Monday, 3 October 2011

Scared or Sacred? Latin in the Liturgy

At Mass yesterday, we sang both the Sanctus and the Agnus Dei to ancient chant melodies. Or rather, we sang the Holy, Holy, Holy and the Lamb of God. Because, for some reason, they were sung in English.

I've nothing against English, of course. In fact, I think it a wonderful language and enormously expressive, both of precise meaning and of emotional subtlety and ambiguity.

But I also love Latin, and in this case think that latin would have ben vastly preferable. At the most basic level, it works with the music (which was written for the Latin texts) and the English doesn't. The number of syllables and the rhythm of the language are both wrong for the melodic line. It jarred.

But what worried me was that until recently, our Parish Priest has been quite happy with singing the Agnus Dei in Latin. I am wondering if he has been got at. I know there are some elderly people in the parish who hate the Latin: they claim it is too hard, and that it alienates the young.

In fact, Liturgical Latin is not that hard. If at the time one is accustomed to saying Holy Holy Holy, one sings Sanctus Sanctus Sanctus, it doesn't take an Einstein to work out that Sanctus might mean Holy. And then the brain gets to work: Oh that's where the word Saint comes from. And suddenly life is enriched a tiny bit.

As for alienating the young, I see no evidence of that. Most children I know find language fascinating. Schools can kill that of course, but left to themselves, kids love this stuff.

And the Church teaches that we should all know our parts of the Mass in Latin. A universal language makes sense for a universal Church; and I can never forget the glory of singing the Credo in Latin with people from countless countries at Lourdes or Chartres.

So why are some of our priests and older parishioners so scared of a sacred language? My personal theory is that is in part a result of the massive re-education to which they were subjected in the 60s and 70s. But the younger generations don't have that hang-up -and neither does the Holy Father.


Patricius said...

Agree with you absolutely but I don't think the example you give necessarily implies fear/dislike of the Latin. The new missal (translation) incorporates both Latin and English chants together at key points such as the Agnus Dei, Pater Noster and so on so that either option may be easily selected. With a little practice the English chants work quite well. The juxtaposition in the new English missal makes it absolutely clear that the Church expects the Latin to feature even in vernacular celebrations. The use of the adapted chant tones seems to me an excellent way of underlining- for the less brainy members of the congregation- the meanings when the Latin texts are sung. So although personally I'd prefer we stick with the Latin I see this as a big step in the right direction.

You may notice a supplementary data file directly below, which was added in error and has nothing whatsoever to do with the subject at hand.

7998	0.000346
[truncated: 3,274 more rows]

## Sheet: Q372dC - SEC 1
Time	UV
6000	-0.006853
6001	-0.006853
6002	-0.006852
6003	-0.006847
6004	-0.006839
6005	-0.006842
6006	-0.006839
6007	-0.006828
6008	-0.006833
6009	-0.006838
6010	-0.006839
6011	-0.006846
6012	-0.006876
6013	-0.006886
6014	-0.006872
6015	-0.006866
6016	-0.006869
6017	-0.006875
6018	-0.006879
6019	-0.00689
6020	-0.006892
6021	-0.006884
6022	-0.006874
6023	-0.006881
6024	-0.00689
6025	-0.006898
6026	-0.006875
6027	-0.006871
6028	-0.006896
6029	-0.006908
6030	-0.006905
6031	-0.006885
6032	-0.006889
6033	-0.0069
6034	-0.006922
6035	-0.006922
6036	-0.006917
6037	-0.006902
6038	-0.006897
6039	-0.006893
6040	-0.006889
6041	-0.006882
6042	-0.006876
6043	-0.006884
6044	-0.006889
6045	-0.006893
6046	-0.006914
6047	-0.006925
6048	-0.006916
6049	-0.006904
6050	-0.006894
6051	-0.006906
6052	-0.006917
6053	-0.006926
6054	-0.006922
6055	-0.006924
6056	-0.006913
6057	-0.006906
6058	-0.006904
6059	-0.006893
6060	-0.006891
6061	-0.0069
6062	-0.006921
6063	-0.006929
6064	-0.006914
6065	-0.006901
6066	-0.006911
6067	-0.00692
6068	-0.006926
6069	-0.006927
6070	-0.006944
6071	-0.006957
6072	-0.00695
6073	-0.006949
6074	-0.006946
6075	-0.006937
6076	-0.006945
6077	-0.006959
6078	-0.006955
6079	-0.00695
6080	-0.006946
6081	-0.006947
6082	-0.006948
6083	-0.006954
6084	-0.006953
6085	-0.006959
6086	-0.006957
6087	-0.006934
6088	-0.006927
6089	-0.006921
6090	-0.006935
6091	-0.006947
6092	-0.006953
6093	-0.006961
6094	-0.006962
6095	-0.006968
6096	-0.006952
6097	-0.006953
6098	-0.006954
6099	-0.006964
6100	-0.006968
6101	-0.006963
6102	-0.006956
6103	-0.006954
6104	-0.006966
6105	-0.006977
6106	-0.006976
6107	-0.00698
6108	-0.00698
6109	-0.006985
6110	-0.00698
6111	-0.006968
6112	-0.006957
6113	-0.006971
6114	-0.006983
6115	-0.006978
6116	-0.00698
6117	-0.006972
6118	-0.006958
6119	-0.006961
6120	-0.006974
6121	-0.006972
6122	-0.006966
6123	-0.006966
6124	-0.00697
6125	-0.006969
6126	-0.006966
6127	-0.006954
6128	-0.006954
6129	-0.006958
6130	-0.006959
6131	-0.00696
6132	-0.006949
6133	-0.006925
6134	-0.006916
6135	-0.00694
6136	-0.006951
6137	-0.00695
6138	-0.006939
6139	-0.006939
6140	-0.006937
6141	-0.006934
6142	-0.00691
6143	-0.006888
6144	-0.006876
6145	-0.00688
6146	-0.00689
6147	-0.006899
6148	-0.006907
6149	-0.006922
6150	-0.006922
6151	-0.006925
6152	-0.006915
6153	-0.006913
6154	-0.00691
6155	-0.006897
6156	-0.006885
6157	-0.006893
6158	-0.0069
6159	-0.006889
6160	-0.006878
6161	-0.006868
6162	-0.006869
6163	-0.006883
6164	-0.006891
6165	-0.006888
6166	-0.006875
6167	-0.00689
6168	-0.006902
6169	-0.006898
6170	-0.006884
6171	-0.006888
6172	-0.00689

A lot of damage has been done in the last forty years. There are many parishes up and down the land where neither Latin nor a decent liturgical chant has been heard in all that time. The new Missal seems to me to be where the implementation of something more like the fathers of Vatican 2 intended begins. In this scenario I think it important that both the English and Latin chants of the new missal are used.

Mater mari said...

I think Patricius is right. Until the new translation was introduced we too had several parts of the Ordinary in Latin; for the last few weeks we have sung them all in English to the simple chants. I suspect that once everyone has become used to the corrected responses (I said 'And also with you' twice yesterday but made no mistake when singing) we will revert to the use of Latin, at least sometimes.

Ben Trovato said...

Has my wife paid you both to say this? Or my PP? Or anyone else who knows me... It's not that I'm paranoid, but I'm sure it's all a plot!!!!

(You are right in principle, of course, but I am concerned that my PP has been nobbled)